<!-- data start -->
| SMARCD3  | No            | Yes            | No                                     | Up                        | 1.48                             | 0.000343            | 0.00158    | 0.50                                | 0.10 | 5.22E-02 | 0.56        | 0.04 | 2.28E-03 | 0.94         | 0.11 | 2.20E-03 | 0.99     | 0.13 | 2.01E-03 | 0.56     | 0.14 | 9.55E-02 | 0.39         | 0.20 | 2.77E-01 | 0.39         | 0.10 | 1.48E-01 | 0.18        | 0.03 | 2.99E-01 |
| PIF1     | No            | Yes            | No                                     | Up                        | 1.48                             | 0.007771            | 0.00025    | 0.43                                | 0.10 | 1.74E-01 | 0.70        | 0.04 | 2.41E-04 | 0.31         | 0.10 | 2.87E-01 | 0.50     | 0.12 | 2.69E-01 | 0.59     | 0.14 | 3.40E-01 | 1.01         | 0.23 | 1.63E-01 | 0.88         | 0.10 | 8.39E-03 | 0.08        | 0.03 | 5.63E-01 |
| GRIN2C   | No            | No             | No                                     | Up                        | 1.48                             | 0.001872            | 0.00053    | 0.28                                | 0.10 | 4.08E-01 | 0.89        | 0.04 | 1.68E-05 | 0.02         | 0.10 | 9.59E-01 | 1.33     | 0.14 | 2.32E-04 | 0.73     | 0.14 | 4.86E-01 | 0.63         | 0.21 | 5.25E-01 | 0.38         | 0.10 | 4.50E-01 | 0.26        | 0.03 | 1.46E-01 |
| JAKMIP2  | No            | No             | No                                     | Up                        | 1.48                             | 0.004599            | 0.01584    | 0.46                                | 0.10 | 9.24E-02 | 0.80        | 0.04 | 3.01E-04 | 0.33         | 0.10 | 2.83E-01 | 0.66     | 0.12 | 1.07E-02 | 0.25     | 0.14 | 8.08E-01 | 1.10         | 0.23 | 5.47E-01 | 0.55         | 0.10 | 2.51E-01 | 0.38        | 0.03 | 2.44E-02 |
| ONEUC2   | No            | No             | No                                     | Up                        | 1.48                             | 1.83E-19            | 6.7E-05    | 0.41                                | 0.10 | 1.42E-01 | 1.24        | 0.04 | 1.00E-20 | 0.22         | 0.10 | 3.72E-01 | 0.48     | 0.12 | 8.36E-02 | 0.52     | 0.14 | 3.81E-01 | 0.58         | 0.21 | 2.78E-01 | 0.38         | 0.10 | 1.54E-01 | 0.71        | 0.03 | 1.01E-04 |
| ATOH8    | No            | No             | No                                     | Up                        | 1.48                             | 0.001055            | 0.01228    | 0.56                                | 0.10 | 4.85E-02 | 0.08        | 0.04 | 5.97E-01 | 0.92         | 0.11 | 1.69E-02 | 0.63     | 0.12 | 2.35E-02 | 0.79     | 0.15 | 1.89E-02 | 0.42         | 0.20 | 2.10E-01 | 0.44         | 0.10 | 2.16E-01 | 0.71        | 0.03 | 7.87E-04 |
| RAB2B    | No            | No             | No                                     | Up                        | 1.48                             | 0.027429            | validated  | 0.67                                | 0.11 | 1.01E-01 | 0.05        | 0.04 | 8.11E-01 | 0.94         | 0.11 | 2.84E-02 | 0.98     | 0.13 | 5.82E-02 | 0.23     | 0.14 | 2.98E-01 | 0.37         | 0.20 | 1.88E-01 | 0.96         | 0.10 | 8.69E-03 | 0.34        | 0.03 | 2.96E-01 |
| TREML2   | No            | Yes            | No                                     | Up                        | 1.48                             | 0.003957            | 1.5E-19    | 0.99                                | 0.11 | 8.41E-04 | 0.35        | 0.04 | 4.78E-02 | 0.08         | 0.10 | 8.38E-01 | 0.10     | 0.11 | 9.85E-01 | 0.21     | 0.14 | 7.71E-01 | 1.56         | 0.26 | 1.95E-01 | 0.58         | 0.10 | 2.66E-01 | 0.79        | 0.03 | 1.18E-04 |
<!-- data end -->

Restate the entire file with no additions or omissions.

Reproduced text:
| SMARCD3  | No            | Yes            | No                                     | Up                        | 1.48                             | 0.000343            | 0.00158    | 0.50                                | 0.10 | 5.22E-02 | 0.56        | 0.04 | 2.28E-03 | 0.94         | 0.11 | 2.20E-03 | 0.99     | 0.13 | 2.01E-03 | 0.56     | 0.14 | 9.55E-02 | 0.39         | 0.20 | 2.77E-01 | 0.39         | 0.10 | 1.48E-01 | 0.18        | 0.03 | 2.99E-01 |
| PIF1     | No            | Yes            | No                                     | Up                        | 1.48                             | 0.007771            | 0.00025    | 0.43                                | 0.10 | 1.74E-01 | 0.70        | 0.04 | 2.41E-04 | 0.31         | 0.10 | 2.87E-01 | 0.50     | 0.12 | 2.69E-01 | 0.59     | 0.14 | 3.40E-01 | 1.01         | 0.23 | 1.63E-01 | 0.88         | 0.10 | 8.39E-03 | 0.08        | 0.03 | 5.63E-01 |
| GRIN2C   | No            | No             | No                                     | Up                        | 1.48                             | 0.001872            | 0.00053    | 0.28                                | 0.10 | 4.08E-01 | 0.89        | 0.04 | 1.68E-05 | 0.02         | 0.10 | 9.59E-01 | 1.33     | 0.14 | 2.32E-04 | 0.73     | 0.14 | 4.86E-01 | 0.63         | 0.21 | 5.25E-01 | 0.38         | 0.10 | 4.50E-01 | 0.26        | 0.03 | 1.46E-01 |
| JAKMIP2  | No            | No             | No                                     | Up                        | 1.48                             | 0.004599            | 0.01584    | 0.46                                | 0.10 | 9.24E-02 | 0.80        | 0.04 | 3.01E-04 | 0.33         | 0.10 | 2.83E-01 | 0.66     | 0.12 | 1.07E-02 | 0.25     | 0.14 | 8.08E-01 | 1.10         | 0.23 | 5.47E-01 | 0.55         | 0.10 | 2.51E-01 | 0.38        | 0.03 | 2.44E-02 |
| ONEUC2   | No            | No             | No                                     | Up                        | 1.48                             | 1.83E-19            | 6.7E-05    | 0.41                                | 0.10 | 1.42E-01 | 1.24        | 0.04 | 1.00E-20 | 0.22         | 0.10 | 3.72E-01 | 0.48     | 0.12 | 8.36E-02 | 0.52     | 0.14 | 3.81E-01 | 0.58         | 0.21 | 2.78E-01 | 0.38         | 0.10 | 1.54E-01 | 0.71        | 0.03 | 1.01E-04 |
| ATOH8    | No            | No             | No                                     | Up                        | 1.48                             | 0.001055            | 0.01228    | 0.56                                | 0.10 | 4.85E-02 | 0.08        | 0.04 | 5.97E-01 | 0.92         | 0.11 | 1.69E-02 | 0.63     | 0.12 | 2.35E-02 | 0.79     | 0.15 | 1.89E-02 | 0.42         | 0.20 | 2.10E-01 | 0.44         | 0.10 | 2.16E-01 | 0.71        | 0.03 | 7.87E-04 |
| RAB2B    | No            | No             | No                                     | Up                        | 1.48                             | 0.027429            | validated  | 0.67                                | 0.11 | 1.01E-01 | 0.05        | 0.04 | 8.11E-01 | 0.94         | 0.11 | 2.84E-02 | 0.98     | 0.13 | 5.82E-02 | 0.23     | 0.14 | 2.98E-01 | 0.37         | 0.20 | 1.88E-01 | 0.96         | 0.10 | 8.69E-03 | 0.34        | 0.03 | 2.96E-01 |
| TREML2   | No            | Yes            | No                                     | Up                        | 1.48                             | 0.003957            | 1.5E-19    | 0.99                                | 0.11 | 8.41E-04 | 0.35        | 0.04 | 4.78E-02 | 0.08         | 0.10 | 8.38E-01 | 0.10     | 0.11 | 9.85E-01 | 0.21     | 0.14 | 7.71E-01 | 1.56         | 0.26 | 1.95E-01 | 0.58         | 0.10 | 2.66E-01 | 0.79        | 0.03 | 1.18E-04 |